Teaching Takes Time

Article excerpt

A SERIES last month in Virginia newspapers was sharply critical of that state's leading universities, and especially of the University of Virginia, where I now teach. The criticism, widely echoed nationally, centers in part on the teaching load of professors. As one who has come late to an academic career, I feel that the attacks and the faculty responses fail to give the whole picture. The issue centers around the number of hours professors spend in the classroom. To the outsider the average load of two courses, five to six hours a week, seems very light. The response from academicians has been to emphasize the importance of time spent on research.

Certainly the arguments are valid that research can contribute to teaching, that writing is important for professional advancement, and that eminent scholars who are deprived of that opportunity will move to other institutions. What surprises me is that more emphasis is not placed on good teaching.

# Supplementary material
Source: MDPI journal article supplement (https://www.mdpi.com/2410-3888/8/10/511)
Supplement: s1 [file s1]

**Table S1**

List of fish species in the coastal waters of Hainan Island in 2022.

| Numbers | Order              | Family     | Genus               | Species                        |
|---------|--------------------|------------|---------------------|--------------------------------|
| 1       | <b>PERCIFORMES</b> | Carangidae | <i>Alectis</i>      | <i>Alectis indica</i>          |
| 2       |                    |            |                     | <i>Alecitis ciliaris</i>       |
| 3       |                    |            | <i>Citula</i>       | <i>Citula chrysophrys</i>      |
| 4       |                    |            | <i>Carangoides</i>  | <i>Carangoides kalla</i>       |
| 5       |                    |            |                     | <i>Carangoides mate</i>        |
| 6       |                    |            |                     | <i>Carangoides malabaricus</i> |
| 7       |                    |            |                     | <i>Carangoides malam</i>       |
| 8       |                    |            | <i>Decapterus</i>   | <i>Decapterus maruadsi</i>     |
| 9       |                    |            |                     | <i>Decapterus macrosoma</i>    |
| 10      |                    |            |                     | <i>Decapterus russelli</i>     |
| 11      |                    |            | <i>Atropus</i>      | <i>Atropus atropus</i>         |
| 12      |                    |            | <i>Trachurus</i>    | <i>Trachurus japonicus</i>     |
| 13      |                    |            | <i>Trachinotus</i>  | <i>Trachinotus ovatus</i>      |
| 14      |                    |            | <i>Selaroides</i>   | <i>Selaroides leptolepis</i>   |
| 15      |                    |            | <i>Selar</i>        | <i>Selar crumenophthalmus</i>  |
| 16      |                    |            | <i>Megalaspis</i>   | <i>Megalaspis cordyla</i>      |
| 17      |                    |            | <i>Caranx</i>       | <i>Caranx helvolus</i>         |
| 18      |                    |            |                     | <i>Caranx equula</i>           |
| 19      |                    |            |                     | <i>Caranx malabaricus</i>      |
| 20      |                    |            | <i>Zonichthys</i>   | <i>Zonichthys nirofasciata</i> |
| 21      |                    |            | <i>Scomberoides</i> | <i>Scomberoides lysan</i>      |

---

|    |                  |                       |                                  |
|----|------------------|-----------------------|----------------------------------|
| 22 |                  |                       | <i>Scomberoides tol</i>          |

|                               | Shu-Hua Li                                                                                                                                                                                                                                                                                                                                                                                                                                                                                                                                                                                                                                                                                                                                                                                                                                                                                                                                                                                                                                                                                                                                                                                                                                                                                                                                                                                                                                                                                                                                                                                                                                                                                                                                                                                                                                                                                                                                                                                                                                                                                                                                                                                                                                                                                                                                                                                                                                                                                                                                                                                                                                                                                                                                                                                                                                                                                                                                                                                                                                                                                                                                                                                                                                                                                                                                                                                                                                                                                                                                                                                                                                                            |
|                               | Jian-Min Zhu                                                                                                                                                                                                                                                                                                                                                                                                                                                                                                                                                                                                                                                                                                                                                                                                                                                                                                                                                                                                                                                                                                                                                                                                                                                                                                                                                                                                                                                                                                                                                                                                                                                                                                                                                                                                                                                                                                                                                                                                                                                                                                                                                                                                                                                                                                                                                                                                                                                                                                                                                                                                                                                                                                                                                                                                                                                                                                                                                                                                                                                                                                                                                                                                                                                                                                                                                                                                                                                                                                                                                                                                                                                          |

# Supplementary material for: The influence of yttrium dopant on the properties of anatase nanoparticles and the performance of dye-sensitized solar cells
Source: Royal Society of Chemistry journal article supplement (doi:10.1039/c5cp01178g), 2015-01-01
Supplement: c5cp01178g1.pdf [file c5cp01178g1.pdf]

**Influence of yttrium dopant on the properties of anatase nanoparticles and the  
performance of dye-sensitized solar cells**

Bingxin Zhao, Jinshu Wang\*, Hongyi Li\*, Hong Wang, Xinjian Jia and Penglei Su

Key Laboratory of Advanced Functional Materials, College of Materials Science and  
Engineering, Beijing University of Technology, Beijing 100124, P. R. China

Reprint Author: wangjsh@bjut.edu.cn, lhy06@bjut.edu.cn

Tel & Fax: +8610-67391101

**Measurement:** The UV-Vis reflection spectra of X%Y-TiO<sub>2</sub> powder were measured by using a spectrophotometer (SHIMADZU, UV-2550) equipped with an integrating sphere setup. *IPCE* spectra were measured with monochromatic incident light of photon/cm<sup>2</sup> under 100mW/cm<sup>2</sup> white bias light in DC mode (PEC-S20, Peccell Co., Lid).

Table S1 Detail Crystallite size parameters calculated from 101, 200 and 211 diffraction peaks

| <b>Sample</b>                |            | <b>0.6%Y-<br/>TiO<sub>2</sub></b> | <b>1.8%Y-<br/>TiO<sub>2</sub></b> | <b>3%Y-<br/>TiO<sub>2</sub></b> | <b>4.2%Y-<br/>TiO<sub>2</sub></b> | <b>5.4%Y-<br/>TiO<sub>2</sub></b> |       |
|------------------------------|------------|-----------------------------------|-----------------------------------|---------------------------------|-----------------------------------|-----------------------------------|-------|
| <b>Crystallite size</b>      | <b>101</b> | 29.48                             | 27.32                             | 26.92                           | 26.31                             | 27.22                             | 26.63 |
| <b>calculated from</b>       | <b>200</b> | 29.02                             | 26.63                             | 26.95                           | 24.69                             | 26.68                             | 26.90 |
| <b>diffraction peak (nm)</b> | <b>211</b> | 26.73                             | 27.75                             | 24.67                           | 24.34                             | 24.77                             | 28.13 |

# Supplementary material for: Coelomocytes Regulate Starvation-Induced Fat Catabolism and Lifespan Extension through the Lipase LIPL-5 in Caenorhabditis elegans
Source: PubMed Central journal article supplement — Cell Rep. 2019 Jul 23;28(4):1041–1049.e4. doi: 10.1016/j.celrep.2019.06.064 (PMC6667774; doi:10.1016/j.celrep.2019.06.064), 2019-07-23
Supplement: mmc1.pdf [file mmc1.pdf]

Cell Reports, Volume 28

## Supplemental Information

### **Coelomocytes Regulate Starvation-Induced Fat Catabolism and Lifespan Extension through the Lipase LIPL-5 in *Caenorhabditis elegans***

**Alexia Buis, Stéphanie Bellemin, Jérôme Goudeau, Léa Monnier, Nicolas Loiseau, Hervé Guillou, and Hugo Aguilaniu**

At the University of Virginia I spend five hours weekly in the classroom. But the remaining hours of what would be considered a normal work week outside academia are more than occupied with essential duties directly related to my responsibilities as a teacher and a member of a faculty. These duties include counseling individual students, writing letters of recommendation, advising graduate students on their theses and dissertations, grading papers, guiding students through independent study programs, preparing for classes, and serving on faculty committees.

At least some of those who believe university faculty are overpaid and under-worked base their criticism on the picture of a professor lecturing from a well-used set of notes to a large group of students and aided by teaching assistants who conduct discussion sessions and grade papers. …


An unknown error has occurred. Please click the button below to reload the page. If the problem persists, please try again in a little while.